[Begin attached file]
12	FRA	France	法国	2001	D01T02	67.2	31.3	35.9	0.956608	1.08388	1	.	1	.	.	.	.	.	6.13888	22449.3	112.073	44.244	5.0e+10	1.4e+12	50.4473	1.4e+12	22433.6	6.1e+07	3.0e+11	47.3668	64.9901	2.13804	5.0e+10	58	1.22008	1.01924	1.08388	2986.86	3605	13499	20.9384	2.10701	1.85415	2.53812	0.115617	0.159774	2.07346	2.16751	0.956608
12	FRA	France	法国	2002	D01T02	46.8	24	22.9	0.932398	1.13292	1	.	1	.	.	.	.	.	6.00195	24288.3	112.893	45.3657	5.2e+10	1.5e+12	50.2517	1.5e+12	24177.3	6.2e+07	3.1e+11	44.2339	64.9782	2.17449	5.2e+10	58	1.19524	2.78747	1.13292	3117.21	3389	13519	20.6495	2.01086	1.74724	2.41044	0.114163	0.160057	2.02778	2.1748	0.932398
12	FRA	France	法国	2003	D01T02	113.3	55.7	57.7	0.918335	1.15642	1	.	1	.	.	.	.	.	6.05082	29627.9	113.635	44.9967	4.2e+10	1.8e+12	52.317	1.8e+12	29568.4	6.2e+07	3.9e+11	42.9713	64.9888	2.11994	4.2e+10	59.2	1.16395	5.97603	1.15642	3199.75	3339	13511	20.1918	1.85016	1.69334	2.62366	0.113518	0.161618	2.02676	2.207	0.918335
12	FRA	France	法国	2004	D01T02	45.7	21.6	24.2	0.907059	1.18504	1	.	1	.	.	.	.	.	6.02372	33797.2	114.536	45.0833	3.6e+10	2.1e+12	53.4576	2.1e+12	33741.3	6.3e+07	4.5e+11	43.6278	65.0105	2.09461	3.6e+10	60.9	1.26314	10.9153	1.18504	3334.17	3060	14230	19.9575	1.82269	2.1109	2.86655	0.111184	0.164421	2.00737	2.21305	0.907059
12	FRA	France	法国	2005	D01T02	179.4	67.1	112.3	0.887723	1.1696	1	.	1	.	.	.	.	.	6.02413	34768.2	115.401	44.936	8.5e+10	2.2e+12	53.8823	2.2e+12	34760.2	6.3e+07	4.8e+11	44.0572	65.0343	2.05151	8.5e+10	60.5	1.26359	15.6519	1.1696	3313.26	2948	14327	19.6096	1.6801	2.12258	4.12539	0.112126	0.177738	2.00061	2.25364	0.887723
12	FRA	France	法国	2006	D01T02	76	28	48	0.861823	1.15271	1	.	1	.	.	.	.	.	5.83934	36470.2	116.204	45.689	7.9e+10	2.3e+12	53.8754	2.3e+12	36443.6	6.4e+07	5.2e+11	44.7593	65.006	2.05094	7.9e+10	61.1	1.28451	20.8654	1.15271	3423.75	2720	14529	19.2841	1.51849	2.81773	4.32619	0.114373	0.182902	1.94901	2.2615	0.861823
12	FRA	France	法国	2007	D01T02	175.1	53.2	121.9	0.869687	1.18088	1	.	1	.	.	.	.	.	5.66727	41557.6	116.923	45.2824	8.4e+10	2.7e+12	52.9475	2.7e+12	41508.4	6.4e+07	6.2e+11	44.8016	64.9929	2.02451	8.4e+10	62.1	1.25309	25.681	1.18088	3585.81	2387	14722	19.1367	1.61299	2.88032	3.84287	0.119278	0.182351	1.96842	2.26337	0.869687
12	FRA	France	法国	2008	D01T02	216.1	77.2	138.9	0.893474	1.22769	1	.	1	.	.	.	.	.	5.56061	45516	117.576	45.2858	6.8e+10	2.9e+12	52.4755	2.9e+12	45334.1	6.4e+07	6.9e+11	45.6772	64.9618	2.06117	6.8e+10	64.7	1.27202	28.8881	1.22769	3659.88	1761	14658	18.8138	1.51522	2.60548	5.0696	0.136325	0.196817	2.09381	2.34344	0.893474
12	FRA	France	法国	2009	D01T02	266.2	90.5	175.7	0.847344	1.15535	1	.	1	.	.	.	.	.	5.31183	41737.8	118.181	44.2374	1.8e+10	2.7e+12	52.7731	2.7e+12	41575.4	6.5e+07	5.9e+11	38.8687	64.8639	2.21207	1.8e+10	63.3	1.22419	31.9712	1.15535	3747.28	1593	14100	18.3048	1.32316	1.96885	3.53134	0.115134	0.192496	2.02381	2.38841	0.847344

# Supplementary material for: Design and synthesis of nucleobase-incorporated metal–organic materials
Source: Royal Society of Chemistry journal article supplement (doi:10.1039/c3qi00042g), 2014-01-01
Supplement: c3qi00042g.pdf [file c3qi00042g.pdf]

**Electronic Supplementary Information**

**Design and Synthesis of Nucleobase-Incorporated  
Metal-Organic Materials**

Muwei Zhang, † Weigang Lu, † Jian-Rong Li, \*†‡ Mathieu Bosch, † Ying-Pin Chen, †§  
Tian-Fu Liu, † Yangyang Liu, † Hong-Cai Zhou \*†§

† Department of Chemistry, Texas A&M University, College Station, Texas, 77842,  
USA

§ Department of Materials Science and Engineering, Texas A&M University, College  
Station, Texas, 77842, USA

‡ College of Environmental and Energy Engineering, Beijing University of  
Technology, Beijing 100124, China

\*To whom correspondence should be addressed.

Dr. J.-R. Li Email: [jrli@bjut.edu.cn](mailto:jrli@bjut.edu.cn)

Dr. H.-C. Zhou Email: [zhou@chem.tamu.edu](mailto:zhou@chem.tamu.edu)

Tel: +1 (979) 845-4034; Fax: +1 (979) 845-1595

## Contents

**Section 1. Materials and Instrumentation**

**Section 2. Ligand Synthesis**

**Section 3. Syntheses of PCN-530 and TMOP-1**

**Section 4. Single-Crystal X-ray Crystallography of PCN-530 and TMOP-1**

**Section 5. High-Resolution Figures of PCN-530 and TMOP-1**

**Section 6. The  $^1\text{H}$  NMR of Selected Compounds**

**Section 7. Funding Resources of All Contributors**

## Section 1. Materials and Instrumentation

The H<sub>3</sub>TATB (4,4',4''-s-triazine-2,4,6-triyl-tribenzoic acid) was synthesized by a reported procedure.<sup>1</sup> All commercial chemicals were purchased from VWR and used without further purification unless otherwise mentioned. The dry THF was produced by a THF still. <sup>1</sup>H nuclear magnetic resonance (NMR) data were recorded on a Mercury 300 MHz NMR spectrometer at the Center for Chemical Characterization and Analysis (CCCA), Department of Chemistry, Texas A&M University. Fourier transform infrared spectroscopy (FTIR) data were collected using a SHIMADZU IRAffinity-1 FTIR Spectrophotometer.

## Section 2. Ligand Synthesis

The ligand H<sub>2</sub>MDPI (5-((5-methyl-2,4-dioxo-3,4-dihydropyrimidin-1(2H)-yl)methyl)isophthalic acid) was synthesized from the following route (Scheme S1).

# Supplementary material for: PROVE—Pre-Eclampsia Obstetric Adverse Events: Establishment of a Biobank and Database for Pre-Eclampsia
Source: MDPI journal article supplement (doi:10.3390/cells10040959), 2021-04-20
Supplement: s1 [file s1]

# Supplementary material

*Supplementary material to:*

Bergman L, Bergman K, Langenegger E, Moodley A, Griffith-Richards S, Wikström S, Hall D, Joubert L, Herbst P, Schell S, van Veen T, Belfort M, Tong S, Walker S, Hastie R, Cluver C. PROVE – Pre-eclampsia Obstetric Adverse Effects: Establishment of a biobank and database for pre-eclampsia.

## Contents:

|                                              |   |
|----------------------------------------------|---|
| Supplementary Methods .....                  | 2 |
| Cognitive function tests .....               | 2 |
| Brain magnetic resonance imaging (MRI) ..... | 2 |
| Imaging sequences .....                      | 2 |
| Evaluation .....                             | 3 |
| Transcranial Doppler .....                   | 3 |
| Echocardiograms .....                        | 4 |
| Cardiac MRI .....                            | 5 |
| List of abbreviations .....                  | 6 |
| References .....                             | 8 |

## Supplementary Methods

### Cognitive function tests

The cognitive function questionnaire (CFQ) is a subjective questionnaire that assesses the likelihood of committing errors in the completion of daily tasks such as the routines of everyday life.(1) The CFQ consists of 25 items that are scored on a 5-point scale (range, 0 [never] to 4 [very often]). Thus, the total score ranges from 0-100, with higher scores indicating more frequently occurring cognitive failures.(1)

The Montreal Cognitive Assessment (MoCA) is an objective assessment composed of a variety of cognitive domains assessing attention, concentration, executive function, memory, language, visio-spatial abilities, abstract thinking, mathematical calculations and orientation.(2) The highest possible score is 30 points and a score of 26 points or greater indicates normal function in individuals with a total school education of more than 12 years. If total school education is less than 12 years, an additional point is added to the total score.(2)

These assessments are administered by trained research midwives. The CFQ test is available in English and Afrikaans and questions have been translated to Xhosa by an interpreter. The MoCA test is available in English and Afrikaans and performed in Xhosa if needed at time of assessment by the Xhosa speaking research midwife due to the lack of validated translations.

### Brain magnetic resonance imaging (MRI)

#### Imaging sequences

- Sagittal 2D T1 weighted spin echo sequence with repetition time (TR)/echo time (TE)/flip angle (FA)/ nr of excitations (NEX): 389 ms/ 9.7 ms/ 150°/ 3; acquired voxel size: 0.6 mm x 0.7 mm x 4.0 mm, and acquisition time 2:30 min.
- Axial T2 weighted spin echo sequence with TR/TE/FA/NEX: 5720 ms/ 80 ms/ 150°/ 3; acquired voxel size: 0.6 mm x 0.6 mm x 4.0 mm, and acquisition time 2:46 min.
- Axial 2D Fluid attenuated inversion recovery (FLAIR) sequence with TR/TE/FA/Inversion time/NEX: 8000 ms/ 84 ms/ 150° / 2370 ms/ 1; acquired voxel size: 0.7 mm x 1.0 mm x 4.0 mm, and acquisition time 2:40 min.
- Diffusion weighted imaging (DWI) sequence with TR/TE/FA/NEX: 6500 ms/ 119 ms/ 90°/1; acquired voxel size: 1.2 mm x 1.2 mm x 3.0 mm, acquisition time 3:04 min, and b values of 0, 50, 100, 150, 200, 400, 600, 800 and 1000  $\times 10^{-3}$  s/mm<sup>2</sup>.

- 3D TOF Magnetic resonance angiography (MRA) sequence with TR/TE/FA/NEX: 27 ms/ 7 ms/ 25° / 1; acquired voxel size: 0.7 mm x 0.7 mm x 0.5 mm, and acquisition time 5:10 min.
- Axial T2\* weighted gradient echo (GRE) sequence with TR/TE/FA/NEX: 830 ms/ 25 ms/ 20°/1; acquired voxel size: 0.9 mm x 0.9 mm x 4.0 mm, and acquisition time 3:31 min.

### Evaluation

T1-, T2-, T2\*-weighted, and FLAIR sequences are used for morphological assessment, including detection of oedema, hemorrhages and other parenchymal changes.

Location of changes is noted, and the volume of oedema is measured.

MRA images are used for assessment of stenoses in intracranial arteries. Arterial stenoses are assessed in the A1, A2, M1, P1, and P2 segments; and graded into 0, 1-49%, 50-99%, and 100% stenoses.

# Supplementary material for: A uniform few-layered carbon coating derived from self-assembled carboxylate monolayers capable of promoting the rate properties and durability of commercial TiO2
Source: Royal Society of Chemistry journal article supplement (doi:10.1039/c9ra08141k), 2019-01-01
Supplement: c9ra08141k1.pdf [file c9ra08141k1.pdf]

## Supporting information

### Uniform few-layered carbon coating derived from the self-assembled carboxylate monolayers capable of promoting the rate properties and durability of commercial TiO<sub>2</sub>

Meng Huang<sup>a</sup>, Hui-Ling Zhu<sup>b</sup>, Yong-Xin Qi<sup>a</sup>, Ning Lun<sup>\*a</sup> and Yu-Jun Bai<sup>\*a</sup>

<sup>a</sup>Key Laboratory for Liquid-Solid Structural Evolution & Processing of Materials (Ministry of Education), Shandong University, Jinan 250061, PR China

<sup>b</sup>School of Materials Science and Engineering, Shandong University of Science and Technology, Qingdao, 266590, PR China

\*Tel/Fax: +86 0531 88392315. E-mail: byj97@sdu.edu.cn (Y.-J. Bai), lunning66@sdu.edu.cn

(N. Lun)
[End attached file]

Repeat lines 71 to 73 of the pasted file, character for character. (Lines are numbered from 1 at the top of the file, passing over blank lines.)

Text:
- Axial T2\* weighted gradient echo (GRE) sequence with TR/TE/FA/NEX: 830 ms/ 25 ms/ 20°/1; acquired voxel size: 0.9 mm x 0.9 mm x 4.0 mm, and acquisition time 3:31 min.

### Evaluation

T1-, T2-, T2\*-weighted, and FLAIR sequences are used for morphological assessment, including detection of oedema, hemorrhages and other parenchymal changes.